Some 30,000 years ago, artists living in caves in Europe painted pictures of the animals around them: panthers, hyenas, rhinoceroses, cave lions, mammoths and other creatures now long extinct. The paintings were highly realistic. Some even showed movement.
The artwork, more than a thousand drawings, is considered the oldest group of human cave drawings ever discovered. They were preserved because the cave was sealed -- closed off -- for 23,000 years.
Fast forward to December 18, 1994. A group of French cave scientists were exploring caves in southern France. Jean Marie Chauvet led the group. He describes discovering the cave paintings.
“And I was in the front, Eliette behind me, Christian behind. Eliette said she saw two marks made with red ochre and she said, ‘They came here.’ And at this very moment everything began. The drawings and everything linked to the parietal art. That's where it started.”
Cave art expert Jean Clottes reviewed the paintings.
"I was amazed at the number of paintings there were and of their quality and particularly in front of the panel of the horses.”
Scientific analysis confirmed the prehistoric date of the artwork. Studies showed the drawings were created tens of thousands of years ago, before human history was written.
The United Nations group UNESCO lists the cave as a World Heritage site. They say the drawings “form a remarkable expression of early human artistic creation of grand excellence and variety.”
The Chauvet cave is named for the explorer who first entered it. Its environment and drawings are very fragile. So the cave is closed, and only people there for scientific purposes can go inside and see the artwork.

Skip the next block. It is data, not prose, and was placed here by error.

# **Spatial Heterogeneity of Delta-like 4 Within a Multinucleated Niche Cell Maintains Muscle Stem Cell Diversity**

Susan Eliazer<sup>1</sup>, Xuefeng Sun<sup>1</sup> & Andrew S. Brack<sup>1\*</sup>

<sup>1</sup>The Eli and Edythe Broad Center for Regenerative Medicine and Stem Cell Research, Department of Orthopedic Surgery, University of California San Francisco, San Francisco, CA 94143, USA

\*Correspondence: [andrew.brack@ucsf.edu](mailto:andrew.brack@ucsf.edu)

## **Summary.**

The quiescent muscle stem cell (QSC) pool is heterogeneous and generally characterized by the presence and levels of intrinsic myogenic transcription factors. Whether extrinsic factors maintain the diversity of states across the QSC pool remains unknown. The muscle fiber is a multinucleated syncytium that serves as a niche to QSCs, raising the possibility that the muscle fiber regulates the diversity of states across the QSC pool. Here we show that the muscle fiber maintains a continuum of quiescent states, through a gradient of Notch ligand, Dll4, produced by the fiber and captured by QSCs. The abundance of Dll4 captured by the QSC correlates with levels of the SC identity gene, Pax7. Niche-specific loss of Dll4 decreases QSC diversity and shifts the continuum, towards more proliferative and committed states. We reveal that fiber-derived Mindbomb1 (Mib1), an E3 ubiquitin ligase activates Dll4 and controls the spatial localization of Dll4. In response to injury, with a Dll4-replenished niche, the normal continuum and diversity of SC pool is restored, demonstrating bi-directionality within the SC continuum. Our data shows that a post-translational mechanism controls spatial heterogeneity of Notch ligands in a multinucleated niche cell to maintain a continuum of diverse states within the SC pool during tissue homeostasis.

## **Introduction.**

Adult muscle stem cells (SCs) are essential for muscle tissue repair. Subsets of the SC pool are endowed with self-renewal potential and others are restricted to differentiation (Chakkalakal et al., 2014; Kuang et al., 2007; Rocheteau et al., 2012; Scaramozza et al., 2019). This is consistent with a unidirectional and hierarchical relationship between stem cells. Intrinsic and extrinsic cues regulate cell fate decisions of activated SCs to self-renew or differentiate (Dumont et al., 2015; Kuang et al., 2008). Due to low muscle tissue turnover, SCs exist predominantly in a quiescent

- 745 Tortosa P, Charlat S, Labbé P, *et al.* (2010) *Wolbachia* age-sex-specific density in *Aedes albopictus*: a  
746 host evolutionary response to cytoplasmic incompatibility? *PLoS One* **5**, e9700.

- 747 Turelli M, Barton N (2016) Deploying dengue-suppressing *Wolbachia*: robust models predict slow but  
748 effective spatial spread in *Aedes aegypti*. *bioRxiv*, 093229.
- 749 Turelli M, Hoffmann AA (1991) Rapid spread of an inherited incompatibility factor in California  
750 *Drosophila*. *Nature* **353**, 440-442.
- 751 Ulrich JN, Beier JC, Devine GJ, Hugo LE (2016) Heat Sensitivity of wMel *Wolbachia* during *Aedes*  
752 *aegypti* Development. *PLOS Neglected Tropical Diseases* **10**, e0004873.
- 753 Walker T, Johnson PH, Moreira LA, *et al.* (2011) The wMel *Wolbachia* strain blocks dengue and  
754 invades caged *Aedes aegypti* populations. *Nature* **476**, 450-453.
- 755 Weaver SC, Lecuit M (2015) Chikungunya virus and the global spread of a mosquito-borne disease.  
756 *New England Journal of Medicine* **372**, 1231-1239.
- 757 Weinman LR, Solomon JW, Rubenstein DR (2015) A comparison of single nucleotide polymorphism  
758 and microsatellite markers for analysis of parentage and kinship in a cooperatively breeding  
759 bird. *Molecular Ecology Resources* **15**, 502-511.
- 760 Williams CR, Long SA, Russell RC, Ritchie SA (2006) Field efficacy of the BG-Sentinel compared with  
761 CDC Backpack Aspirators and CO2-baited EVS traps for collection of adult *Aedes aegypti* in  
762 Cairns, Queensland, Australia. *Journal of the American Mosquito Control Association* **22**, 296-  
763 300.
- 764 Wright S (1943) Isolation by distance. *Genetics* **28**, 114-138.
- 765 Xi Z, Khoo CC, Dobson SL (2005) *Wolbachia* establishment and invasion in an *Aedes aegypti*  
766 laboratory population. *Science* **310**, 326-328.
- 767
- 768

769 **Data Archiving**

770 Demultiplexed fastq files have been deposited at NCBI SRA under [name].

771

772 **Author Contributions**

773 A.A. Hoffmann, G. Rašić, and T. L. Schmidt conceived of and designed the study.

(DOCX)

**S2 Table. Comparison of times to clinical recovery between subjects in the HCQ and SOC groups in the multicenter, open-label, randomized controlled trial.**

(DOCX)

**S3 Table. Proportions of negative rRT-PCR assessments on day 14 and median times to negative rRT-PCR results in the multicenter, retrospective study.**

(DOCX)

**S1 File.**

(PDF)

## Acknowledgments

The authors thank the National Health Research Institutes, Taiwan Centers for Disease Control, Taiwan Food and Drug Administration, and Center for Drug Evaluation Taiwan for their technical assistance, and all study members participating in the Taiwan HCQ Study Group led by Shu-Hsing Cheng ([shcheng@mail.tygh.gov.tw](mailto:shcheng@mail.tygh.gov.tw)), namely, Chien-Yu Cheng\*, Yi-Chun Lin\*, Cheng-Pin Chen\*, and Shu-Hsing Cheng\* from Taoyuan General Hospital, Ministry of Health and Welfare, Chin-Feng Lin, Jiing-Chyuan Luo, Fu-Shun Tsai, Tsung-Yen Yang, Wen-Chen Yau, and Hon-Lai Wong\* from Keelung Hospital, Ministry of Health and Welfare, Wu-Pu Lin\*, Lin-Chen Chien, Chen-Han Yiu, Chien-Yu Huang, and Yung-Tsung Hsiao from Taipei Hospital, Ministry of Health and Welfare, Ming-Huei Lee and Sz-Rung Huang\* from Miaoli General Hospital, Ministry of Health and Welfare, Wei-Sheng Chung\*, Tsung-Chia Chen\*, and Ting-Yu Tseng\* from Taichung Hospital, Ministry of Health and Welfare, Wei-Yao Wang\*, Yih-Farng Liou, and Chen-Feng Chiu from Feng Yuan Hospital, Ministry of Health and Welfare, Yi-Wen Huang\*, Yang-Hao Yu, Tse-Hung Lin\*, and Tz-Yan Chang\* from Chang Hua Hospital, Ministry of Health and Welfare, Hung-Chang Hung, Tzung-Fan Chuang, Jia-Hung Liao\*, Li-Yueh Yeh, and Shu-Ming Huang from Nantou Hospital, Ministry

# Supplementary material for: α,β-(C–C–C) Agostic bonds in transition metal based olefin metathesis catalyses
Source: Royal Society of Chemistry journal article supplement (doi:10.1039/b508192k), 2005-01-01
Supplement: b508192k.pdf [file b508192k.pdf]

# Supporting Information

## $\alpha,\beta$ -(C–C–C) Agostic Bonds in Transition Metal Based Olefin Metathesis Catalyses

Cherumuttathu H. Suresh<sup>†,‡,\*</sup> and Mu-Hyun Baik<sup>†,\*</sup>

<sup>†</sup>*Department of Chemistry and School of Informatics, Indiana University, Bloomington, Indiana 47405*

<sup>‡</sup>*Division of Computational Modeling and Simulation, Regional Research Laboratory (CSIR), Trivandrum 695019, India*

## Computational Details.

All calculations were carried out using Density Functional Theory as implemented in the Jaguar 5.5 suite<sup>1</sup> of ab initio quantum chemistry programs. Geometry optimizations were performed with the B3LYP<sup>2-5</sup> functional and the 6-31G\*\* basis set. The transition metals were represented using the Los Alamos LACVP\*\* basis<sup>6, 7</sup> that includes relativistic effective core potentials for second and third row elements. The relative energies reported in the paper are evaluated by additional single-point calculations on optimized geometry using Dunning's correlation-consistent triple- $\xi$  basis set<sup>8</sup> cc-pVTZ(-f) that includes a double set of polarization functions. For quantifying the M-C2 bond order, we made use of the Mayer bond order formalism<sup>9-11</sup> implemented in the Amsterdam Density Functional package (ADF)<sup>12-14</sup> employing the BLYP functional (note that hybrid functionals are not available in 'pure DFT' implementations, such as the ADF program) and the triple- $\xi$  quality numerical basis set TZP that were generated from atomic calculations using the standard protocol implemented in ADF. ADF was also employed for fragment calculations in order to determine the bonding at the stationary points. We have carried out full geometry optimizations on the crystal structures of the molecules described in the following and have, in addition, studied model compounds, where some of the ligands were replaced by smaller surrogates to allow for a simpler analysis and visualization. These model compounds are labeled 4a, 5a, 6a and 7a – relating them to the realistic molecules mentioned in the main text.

Pont d’Arc Cavern
However, French authorities wanted the public to see the cave and artwork, too. So they asked experts to create an exact copy of the cave, called Pont d’Arc Cavern. The copy, or replica, cost $59 million to build. It opened at the end of April in France.
Pascal Terrasse is the president of the cavern. He says everyone will be able to experience the thrill of looking at drawings made by the first humans in Europe. He says the place is “magic” because it is done so well.
Authorities say they think as many as 400,000 people will visit the Pont d’Arc Cavern every year.
I’m Anne Ball.
VOA’s George Putic reported this story. Anne Ball adapted it for Learning English. Kelly Jean Kelly was the editor.
Words in This Story
parietal – adj. relating to the wall
pigment –n. a substance that gives color to something
analysis- n. a careful study about something to learn about its parts
fragile –adj. easily broken or damaged
thrill –v. to cause someone to feel very excited or happy